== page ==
To define a goal for your message, you can ask yourself the following questions:
At times you absolutely need to cover several things around the same topic in one email. In this case, it’s increasingly essential to format your message clearly by using bullet points or numbered lists. Highlighting different email components makes it easier for the recipient to process your message and respond in a manner that covers everything you need.
Know your email etiquette
It can be defined as a code of conduct that includes unwritten guidelines for email communication regarding language, spelling, grammar, and manners. The etiquette depends on whom you are emailing. It’s always safer to stay on the formal side of conventions.
Adhering to email etiquette will help you establish professionalism in your communication, build strong relationships with your co-workers and represent the company well. As there’s no authoritative resource on this topic, we’ve compiled a list of the most important rules and tips on email etiquette every professional should know. With this quick read, you can update your knowledge on the topic and assess your email with a critical eye.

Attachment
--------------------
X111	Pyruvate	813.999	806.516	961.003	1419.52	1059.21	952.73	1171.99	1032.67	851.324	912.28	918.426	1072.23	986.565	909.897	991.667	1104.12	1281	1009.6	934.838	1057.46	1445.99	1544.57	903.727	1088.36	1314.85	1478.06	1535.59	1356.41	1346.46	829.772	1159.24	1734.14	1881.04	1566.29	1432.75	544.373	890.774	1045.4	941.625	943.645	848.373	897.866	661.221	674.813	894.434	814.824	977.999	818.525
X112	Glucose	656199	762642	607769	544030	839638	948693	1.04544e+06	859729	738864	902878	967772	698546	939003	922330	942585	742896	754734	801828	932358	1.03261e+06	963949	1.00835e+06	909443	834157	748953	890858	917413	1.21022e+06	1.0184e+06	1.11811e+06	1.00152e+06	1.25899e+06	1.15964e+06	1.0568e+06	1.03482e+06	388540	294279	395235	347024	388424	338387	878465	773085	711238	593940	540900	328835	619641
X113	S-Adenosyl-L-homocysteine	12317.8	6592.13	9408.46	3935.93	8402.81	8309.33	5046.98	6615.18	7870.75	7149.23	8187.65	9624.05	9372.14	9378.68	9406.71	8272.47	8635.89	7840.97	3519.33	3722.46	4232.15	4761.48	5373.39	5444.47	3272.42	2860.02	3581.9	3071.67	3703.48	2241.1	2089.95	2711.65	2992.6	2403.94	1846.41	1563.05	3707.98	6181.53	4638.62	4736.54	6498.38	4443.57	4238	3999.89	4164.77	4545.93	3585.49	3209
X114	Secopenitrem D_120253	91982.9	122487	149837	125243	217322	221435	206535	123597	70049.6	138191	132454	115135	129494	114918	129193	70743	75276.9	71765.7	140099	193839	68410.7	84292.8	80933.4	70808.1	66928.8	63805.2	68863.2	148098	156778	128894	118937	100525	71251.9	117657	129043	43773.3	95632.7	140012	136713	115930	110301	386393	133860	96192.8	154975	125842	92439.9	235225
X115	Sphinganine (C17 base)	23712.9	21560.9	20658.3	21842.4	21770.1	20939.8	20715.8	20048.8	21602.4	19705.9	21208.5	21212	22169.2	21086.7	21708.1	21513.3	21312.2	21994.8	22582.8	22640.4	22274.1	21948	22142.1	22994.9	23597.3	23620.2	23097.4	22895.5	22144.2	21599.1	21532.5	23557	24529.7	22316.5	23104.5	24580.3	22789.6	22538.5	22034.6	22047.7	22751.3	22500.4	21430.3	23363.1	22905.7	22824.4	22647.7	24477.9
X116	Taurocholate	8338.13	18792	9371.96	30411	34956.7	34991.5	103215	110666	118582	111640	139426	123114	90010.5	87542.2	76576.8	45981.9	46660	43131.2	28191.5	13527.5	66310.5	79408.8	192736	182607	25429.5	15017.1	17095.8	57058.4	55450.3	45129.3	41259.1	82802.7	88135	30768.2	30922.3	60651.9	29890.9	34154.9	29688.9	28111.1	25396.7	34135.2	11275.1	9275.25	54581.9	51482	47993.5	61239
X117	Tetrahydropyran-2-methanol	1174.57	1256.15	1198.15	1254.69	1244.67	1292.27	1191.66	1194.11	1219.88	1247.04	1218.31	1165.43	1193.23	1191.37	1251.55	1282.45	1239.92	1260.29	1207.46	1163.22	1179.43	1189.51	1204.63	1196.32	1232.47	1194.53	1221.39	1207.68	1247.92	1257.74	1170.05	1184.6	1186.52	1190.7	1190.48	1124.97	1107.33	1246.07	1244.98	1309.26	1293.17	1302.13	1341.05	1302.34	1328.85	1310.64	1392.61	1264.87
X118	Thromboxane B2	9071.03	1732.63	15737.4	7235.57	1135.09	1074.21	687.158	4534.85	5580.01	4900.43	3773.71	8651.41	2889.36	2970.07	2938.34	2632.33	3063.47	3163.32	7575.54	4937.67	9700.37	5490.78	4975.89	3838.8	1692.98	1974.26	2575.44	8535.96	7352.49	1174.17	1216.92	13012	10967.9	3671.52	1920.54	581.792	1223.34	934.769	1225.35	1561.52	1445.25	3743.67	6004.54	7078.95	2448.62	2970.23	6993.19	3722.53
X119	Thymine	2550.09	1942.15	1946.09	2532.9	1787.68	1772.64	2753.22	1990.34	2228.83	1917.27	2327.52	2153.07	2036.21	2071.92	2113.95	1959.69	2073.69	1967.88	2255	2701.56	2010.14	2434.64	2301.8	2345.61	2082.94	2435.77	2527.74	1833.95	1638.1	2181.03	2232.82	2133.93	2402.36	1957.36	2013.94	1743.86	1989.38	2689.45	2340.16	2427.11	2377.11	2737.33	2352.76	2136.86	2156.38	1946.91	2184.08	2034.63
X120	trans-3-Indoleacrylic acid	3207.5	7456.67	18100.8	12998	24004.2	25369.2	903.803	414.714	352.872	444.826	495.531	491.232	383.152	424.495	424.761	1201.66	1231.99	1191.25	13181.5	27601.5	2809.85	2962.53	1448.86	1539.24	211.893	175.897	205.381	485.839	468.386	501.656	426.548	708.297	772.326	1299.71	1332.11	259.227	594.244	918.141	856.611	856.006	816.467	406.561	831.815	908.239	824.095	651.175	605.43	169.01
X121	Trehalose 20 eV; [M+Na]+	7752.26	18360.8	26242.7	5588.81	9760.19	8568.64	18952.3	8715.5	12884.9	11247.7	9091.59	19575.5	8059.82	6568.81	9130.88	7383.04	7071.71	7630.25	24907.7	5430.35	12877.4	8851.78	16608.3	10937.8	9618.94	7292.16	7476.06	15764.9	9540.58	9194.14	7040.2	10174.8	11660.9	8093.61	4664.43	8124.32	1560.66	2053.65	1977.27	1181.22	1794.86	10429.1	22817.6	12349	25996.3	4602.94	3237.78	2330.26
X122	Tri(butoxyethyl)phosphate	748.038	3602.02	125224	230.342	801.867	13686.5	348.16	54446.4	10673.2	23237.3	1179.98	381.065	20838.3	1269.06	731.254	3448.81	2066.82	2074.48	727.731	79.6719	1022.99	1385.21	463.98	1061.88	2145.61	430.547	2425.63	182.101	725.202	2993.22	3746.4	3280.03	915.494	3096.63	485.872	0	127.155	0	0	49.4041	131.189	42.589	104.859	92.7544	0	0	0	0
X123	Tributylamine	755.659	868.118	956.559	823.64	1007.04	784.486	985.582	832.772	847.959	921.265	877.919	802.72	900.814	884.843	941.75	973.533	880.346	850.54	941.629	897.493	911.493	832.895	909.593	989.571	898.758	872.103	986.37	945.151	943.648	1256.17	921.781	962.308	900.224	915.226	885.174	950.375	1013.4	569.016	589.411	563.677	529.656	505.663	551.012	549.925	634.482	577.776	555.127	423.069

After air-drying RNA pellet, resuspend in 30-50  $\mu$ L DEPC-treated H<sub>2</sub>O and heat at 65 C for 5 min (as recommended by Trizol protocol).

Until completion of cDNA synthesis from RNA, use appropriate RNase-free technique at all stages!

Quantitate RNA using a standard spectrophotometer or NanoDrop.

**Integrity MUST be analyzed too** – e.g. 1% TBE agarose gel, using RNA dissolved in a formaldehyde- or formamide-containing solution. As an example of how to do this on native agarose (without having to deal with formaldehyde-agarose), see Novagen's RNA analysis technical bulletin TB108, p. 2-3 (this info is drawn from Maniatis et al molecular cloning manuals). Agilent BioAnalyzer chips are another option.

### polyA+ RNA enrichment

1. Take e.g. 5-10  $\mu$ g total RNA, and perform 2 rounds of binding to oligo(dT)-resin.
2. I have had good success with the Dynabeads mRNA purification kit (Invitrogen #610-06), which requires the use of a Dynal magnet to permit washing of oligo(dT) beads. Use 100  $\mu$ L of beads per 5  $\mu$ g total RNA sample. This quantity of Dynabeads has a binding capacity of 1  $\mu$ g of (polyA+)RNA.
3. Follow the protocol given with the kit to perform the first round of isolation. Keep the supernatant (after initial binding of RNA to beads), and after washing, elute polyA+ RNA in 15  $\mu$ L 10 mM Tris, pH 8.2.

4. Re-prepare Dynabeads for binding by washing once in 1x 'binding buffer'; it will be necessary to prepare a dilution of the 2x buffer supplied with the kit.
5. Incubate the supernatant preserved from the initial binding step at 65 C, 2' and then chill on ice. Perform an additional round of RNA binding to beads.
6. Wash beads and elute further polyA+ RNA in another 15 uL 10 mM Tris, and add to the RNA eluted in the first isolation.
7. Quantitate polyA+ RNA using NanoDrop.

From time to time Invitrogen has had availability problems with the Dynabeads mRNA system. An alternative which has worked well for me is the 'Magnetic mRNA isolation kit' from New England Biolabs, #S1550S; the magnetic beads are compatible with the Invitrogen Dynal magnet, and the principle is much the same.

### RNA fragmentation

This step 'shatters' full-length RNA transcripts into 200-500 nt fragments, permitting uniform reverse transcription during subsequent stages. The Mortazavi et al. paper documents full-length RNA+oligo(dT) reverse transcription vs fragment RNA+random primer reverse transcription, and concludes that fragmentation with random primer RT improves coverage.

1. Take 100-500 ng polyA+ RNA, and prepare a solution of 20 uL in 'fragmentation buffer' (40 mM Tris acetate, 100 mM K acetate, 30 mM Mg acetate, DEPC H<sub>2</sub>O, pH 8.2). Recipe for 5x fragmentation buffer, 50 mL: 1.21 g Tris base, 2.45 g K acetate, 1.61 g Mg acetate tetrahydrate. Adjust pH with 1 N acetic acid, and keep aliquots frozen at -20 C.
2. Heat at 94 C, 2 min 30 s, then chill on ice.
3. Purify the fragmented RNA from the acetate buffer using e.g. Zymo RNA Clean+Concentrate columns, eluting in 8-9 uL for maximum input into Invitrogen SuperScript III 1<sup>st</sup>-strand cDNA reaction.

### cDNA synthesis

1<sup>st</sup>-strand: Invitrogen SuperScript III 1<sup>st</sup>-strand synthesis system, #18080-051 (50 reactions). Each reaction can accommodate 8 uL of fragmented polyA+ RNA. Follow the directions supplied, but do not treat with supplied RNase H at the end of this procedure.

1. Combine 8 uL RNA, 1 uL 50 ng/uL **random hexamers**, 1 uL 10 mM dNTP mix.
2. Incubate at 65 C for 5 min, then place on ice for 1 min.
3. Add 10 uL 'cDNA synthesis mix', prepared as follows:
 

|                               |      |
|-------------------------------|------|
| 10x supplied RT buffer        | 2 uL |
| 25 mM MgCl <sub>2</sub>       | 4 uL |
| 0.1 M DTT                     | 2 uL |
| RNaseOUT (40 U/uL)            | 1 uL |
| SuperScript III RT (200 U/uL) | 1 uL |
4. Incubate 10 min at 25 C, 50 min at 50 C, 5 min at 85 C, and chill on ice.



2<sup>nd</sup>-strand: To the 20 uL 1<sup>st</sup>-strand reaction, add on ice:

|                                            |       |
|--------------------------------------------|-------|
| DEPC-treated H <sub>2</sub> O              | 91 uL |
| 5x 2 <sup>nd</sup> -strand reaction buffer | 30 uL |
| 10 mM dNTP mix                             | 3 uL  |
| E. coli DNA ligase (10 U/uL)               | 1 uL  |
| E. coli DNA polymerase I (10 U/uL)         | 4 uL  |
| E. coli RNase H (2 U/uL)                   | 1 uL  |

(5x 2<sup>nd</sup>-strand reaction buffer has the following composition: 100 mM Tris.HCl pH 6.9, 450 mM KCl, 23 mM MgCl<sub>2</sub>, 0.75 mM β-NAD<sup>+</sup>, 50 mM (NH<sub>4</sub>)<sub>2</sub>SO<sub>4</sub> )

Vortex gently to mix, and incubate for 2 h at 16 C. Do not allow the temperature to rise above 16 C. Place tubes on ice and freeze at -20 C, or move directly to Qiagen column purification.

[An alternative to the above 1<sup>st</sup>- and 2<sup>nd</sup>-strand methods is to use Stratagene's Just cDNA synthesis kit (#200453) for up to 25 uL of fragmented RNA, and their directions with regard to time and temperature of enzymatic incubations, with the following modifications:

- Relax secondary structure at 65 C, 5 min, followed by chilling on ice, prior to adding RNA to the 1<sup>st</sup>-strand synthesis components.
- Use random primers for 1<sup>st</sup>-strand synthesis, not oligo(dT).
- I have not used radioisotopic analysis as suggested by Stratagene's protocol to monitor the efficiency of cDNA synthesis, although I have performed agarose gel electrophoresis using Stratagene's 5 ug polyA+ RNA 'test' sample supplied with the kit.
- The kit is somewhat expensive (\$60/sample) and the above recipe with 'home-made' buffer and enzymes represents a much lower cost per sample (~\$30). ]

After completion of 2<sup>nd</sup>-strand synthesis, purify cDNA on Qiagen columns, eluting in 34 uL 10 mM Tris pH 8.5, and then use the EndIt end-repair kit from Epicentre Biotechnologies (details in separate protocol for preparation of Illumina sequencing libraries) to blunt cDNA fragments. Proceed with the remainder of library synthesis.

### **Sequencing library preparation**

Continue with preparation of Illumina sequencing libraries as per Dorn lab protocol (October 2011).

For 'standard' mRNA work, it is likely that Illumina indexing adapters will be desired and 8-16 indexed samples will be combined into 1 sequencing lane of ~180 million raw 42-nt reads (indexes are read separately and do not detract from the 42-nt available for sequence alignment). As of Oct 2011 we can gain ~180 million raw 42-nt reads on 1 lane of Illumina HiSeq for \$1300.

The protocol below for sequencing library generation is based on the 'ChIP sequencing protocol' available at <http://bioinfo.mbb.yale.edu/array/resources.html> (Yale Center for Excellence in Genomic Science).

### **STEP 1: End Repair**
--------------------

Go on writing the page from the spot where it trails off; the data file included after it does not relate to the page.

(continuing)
5. Follow proper email structure
The best way to write an email is to stick to the format. Email has been around for decades, and many of us have been using it since our childhood. That’s why our brains are wired to read them in a certain way. Whether the recipient would skip all the niceties and formalities, it’s easier for them to get the gist of it if you don’t steer away from what’s expected.
The best practice for email structure is as follows:
If some of these components of a good email sound like a foreign language to you, don’t worry. We’ll cover each part of a well-structured email in this blog post. By the time you’ve done reading, you’ll know everything you need to know to finesse all of them. And if you need further help, you’ll also soon learn about a tool called Flowrite that can become your AI email assistant and take care of structuring your emails for you.